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Battlestar Galactica poll, essays and finale
Mar 19, 2009  

We’ve been very interested in the biopolitical content of Battlestar Galactica (BSG) which concludes its final season tomorrow night, Friday March 20. Ben Scarlato has written an excellent series of biopolitical reflections on every BSG episode of this last season, and then we did a talk together on the bioethics of the show for the Hartford Ethics Group.  In our recently concluded IEET poll you all were very divided about whether the show reflected more bioconservative or transhumanist themes, or whether we would just have to wait for the conclusion to make an assessment.

53 of you responded to the poll.

BTW, make sure to read io9’s report about this awesome meeting at the United Nations between human rights activists and the actors and writers of BSG. The addressed a lot of same things Ben and I did at our session in Hartford, the ethics of banning abortion for utilitarian reasons, of suicide bombing of civilians in pursuit of a just cause, and of torturing prisoners, especially prisoners with knowledge of looming apocalyptic and genocidal violence:

At one point the discussion lit a fire under the Admiral, and the talk of human rights turned personal for Edward James Olmos. The “Old Man” launched into a passionate speech about casting off the idea of race as a cultural determinant, and said we were one race, the human race. His voice echoed throughout the chamber growing louder until - I kid you not - he was yelling, “So Say We All,” and the crowd answered right back. Hell, even I yelled it, I was in the fraking United Nations with Adama, the gods themselves could not have stopped this moment. It was surreal - the entire audience turned into one massive optimistic/role-playing/saddened goosebump, because who knows when we’ll ever hear those words again? And then we were doubly geeked out when, as if on cue, Mary McDonnell turned to Olmos and put her hand on his cheek. But the real chills came from realizing that this treasured television show had actually opened up the lines of communication between the audience and the United Nations. BSG has made people think about the troubling deeds happening in darkened rooms in the present day, not just on a spaceship in the future.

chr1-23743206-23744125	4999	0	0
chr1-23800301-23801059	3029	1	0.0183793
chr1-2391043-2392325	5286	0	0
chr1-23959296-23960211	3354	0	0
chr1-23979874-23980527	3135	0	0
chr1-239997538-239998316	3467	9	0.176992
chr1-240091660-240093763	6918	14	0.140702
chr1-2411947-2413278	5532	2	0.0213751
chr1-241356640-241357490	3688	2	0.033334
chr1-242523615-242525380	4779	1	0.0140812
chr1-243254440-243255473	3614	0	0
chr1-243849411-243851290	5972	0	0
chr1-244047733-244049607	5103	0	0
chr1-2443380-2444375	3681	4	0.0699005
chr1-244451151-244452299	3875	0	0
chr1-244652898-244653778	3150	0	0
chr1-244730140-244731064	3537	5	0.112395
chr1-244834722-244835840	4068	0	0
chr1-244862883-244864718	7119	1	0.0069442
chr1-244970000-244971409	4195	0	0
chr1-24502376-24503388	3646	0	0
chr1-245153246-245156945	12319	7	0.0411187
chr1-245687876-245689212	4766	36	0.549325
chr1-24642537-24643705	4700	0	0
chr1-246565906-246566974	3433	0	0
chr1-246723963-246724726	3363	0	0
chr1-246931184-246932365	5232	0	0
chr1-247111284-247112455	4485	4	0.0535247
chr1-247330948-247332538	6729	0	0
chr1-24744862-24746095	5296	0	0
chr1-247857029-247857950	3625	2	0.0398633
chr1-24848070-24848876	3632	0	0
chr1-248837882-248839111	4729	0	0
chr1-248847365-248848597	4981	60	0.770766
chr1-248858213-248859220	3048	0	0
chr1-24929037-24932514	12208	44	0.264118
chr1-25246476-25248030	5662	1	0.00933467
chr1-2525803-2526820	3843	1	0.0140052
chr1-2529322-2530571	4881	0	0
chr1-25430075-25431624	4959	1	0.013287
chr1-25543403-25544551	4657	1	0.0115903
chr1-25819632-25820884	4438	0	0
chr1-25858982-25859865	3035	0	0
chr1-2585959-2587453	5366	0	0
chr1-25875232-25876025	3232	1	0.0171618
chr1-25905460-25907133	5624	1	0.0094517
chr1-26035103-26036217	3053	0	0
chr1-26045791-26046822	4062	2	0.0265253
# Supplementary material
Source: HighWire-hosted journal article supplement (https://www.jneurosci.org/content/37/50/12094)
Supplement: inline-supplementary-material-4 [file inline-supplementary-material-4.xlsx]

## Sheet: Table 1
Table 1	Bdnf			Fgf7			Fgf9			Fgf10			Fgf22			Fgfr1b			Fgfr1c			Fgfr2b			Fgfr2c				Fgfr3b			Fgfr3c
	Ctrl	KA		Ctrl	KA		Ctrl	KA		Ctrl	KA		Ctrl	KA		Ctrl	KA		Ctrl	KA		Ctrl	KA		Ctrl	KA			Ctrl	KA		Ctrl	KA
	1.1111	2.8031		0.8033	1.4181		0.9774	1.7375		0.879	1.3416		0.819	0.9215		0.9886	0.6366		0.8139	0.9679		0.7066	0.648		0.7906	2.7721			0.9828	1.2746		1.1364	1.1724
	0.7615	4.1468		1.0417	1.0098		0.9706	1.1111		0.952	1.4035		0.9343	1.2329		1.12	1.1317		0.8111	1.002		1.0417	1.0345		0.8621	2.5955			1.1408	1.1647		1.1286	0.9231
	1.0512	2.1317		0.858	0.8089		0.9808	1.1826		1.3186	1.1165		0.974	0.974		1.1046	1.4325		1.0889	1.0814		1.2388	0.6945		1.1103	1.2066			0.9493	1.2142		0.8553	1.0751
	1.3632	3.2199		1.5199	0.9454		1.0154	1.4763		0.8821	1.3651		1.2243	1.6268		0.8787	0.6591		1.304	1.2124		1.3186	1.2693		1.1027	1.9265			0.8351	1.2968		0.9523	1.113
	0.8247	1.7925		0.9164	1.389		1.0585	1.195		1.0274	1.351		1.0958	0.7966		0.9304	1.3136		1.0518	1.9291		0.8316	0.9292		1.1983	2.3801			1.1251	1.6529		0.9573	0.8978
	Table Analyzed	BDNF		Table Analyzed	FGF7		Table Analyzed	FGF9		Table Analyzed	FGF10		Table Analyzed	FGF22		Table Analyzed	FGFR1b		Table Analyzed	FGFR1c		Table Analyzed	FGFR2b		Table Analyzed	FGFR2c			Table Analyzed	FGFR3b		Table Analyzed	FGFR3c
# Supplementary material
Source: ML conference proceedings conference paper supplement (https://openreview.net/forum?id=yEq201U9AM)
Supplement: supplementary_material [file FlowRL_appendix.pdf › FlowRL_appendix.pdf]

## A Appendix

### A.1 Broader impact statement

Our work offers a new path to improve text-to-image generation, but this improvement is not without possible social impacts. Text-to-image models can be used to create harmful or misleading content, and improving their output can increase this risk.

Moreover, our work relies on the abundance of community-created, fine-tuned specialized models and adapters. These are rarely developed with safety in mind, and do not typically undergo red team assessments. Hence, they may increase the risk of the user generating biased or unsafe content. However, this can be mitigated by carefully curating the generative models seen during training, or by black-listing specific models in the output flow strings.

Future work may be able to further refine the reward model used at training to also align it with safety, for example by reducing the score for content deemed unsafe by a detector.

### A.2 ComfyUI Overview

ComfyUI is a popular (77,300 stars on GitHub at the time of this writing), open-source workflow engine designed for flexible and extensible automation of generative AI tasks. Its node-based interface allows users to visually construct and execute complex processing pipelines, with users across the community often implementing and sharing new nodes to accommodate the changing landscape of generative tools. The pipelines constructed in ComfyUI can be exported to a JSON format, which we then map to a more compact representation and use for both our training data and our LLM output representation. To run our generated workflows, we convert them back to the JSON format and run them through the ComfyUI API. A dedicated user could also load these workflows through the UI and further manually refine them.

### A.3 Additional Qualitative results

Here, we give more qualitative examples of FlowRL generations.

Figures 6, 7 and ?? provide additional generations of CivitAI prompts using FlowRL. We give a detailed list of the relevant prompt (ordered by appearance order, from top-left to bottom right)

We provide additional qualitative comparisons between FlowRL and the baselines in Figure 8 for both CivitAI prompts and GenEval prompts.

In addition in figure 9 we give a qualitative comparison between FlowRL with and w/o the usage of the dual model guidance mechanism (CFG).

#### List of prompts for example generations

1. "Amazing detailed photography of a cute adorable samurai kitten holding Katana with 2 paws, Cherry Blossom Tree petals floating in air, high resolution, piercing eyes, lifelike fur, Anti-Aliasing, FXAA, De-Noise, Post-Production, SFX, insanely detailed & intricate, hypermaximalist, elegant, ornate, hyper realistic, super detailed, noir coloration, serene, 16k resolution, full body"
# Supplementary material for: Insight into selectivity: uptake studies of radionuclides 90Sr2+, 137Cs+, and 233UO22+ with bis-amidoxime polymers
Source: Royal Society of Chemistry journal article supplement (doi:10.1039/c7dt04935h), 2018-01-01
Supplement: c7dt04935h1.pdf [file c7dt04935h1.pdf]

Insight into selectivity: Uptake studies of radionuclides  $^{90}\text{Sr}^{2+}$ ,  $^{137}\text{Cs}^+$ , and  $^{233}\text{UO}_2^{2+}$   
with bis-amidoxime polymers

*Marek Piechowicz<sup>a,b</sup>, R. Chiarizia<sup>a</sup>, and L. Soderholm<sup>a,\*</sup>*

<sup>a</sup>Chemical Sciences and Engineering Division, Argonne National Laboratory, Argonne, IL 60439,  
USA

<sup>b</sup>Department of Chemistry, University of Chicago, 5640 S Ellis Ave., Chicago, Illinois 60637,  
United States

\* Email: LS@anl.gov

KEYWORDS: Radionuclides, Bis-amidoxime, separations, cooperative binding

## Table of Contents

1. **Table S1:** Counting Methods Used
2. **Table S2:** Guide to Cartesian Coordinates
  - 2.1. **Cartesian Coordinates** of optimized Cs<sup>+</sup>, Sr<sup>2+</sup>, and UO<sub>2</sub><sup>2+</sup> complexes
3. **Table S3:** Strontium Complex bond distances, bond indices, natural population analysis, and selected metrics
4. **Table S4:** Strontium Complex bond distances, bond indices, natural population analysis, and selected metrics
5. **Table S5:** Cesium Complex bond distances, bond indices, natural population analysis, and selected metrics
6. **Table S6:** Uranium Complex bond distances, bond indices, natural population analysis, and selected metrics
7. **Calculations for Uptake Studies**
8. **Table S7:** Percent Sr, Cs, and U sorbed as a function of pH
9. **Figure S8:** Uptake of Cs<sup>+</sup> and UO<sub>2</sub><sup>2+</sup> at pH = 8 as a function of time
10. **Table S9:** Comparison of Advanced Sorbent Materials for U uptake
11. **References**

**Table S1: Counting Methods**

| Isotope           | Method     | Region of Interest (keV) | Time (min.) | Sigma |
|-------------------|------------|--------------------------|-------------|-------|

What a cool example of the importance of the biopolitics of popular culture in reflecting and shaping our world.

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